Confirmation bias can have far-reaching effects on everything from decisions we make in our personal lives to the way we interact with others in our communities and workplaces. When the bias causes us to overlook important facts or perceive information or another person incorrectly, the consequences can be disastrous.
While confirmation bias is a powerful force, there are ways to overcome it. By becoming aware of this cognitive bias and its effects, we can learn to question our assumptions and search for evidence that is contrary to our beliefs. We can also encourage others to do the same, leading to more open-minded and productive discussions.
What is Confirmation Bias?
Confirmation bias is a cognitive distortion that occurs when we selectively pay attention to information that confirms our beliefs while ignoring information that disproves them. This can result in ill-informed choices, and can even lead to major errors in judgment.
For example, we may consider purchasing a stock because we like the company’s products and have been told by a friend that the stock is undervalued. If we only look at information that supports that view, we block information that could signal problems with the stock, potentially leading us to make a bad investment.
How Does Confirmation Bias Affect Decision Making?
Confirmation bias contributes to overconfidence in our personal beliefs and can maintain or strengthen these beliefs even in the face of contrary evidence. As illustrated in the example above, this results in poor decision making because it prevents us from seeing both sides of an issue or considering all of the available evidence.
7 Signs of Confirmation Bias
- You only pay attention to information that supports your beliefs.
- You interpret ambiguous evidence as being supportive of your beliefs.
- You remember information that supports your beliefs more than information that contradicts them.
- You place more importance on information that supports your beliefs than information that contradicts them.
- You rationalize away information that contradicts your beliefs.
- You dismiss people who don’t share your beliefs as being uninformed or stupid.
- You’re resistant to changing your beliefs, even in the face of new evidence.
5 Strategies to Mitigate Confirmation Bias
- Be aware of your own confirmation bias.
- Make a concerted effort to seek out disconfirming evidence.
- Be willing to change your mind.
- Consider multiple explanations for events.
- Base your decisions on logic, not emotion.
Using a Checklist to Avoid Biased Decision Making
Checklists can be a simple but effective way to identify and remove confirmation bias from the decision making process. To help apply the 5 mitigating strategies above to your decisions, follow the guidance on this list.
☑ Remember that everyone is susceptible to confirmation bias…even you!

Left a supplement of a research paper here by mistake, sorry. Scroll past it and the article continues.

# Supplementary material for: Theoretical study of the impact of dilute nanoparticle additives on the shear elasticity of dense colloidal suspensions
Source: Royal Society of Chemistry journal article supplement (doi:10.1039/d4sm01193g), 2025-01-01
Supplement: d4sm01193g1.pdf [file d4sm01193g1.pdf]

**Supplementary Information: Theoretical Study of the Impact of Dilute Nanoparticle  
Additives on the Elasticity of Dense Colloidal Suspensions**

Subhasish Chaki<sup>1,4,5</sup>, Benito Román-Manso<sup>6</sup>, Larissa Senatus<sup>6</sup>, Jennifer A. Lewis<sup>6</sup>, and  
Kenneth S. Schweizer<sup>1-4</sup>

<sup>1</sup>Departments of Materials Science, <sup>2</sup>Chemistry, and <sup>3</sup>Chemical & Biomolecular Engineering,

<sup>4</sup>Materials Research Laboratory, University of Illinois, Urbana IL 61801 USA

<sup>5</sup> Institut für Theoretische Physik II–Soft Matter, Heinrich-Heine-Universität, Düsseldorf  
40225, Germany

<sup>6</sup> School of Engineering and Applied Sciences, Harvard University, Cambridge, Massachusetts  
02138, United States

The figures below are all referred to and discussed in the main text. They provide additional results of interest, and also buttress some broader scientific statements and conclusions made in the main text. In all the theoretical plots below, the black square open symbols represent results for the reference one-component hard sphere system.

☑ Ask yourself if the initial stance you're taking is based on facts and empirical evidence, or personal beliefs and preferences.
☑ Identify the assumptions, beliefs, or preferences you may be bringing to the decision and, if necessary, challenge them.
☑ If the information you’re including seems one-sided, seek input from other sources, including those with opposing viewpoints.
☑ Encourage others to point out potential shortcomings in your information gathering or decision making process.
☑ Be willing to change your mind in the face of new evidence.
Confirmation Bias in the Workplace
In the workplace, confirmation bias can undermine numerous business processes and initiatives including talent acquisition, talent management, employee engagement and productivity.
For example, if a manager believes that a certain employee is lazy and incompetent, they'll tend to focus on things that support this belief and ignore or downplay evidence to the contrary. As a result, the employee may never be given opportunities for advancement and could possibly even be terminated, all due to the manager's false assumptions.
Confirmation bias can also lead to groupthink, a phenomenon in which a group of people come to a joint decision that is heavily influenced by their own pre-existing biases and beliefs. In failing to give weight to evidence that opposes what the group consensus appears to be, they end up taking a flawed course of action. Groupthink has been named as a contributing factor in disastrous decisions that include the Bay of Pigs invasion and the Space Shuttle Challenger disaster.
To avoid confirmation bias in the workplace, it’s important to:
- be aware of your own biases and beliefs.
- participate in training that teaches techniques for challenging and overcoming your biases.
- respectfully speak up when you experience or witness unconscious bias at work.
When making decisions:
- solicit input from a diverse group of people and encourage critical thinking and debate.
- don’t be afraid to challenge the status quo – sometimes the best way to avoid confirmation bias is to question everything.
Overcoming bias and other barriers to respect and inclusion in the workplace can be challenging. Atana's multi-award winning diversity and inclusion training courses are known for helping organizations build awareness, spark meaningful discussion and inspire behavior change in these crucial areas.